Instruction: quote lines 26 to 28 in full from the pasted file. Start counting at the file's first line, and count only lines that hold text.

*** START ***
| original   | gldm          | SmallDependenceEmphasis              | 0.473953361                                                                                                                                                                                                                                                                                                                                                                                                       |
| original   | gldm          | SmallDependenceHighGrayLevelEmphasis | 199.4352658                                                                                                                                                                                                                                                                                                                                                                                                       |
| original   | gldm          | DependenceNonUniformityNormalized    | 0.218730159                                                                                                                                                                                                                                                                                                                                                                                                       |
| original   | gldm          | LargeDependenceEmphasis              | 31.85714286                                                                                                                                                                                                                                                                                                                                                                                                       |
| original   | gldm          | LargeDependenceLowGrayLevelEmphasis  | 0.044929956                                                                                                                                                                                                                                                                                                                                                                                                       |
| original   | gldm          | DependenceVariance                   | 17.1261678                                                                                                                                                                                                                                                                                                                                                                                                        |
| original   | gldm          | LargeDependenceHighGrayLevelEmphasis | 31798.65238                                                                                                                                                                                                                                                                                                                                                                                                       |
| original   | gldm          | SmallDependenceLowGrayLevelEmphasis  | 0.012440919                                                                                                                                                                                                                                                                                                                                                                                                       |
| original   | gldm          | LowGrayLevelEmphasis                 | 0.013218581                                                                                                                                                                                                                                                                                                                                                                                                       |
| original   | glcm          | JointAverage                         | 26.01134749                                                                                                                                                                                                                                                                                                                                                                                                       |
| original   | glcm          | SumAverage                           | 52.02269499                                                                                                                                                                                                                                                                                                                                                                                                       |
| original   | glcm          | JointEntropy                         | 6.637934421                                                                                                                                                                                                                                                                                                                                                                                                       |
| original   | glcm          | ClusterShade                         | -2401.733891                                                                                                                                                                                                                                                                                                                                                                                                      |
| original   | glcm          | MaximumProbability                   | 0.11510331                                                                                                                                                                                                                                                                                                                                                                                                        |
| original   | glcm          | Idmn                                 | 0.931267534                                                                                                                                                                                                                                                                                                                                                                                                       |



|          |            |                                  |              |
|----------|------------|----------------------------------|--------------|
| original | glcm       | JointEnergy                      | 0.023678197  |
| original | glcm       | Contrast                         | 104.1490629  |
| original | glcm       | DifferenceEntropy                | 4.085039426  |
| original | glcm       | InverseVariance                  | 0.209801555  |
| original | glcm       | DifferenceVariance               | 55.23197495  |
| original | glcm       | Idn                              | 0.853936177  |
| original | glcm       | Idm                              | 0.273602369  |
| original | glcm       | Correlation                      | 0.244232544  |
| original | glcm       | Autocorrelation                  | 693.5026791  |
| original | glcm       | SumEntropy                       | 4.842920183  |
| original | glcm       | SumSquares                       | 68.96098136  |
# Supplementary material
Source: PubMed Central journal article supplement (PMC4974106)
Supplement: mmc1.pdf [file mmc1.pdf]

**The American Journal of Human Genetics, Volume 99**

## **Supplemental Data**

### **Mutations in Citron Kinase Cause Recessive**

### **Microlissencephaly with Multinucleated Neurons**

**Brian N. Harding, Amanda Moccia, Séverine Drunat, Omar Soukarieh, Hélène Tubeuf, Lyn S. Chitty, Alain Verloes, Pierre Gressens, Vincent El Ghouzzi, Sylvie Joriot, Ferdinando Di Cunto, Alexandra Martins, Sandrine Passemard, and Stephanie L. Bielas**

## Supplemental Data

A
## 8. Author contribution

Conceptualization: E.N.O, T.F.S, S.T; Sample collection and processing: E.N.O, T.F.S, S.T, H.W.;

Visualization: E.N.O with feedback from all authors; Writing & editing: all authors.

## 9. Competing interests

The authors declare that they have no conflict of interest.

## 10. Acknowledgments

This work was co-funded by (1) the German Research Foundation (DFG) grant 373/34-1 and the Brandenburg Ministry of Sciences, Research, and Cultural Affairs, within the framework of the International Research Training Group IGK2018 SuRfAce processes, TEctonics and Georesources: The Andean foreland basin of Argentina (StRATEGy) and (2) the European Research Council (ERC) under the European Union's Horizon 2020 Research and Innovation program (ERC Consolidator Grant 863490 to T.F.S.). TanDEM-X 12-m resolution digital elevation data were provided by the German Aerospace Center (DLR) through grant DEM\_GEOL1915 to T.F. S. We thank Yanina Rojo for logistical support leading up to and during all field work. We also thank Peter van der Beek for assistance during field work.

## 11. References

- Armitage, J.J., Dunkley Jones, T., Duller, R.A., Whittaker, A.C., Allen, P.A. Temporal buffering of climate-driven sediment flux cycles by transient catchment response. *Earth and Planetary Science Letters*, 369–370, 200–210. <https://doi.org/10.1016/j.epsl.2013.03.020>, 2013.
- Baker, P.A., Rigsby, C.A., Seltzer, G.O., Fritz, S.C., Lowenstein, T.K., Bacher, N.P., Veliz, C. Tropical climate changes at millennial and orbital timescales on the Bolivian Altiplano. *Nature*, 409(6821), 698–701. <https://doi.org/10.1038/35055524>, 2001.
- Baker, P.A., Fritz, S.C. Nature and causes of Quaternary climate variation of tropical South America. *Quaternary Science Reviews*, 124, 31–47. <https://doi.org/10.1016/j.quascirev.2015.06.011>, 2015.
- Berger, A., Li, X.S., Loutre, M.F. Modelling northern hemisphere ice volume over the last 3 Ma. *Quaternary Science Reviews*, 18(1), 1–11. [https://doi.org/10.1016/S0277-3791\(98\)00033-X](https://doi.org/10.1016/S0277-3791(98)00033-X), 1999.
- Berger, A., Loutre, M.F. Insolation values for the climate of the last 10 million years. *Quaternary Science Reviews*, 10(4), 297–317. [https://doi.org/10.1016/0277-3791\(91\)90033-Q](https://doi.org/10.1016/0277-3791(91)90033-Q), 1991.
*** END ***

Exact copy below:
| original | glcm       | Autocorrelation                  | 693.5026791  |
| original | glcm       | SumEntropy                       | 4.842920183  |
| original | glcm       | SumSquares                       | 68.96098136  |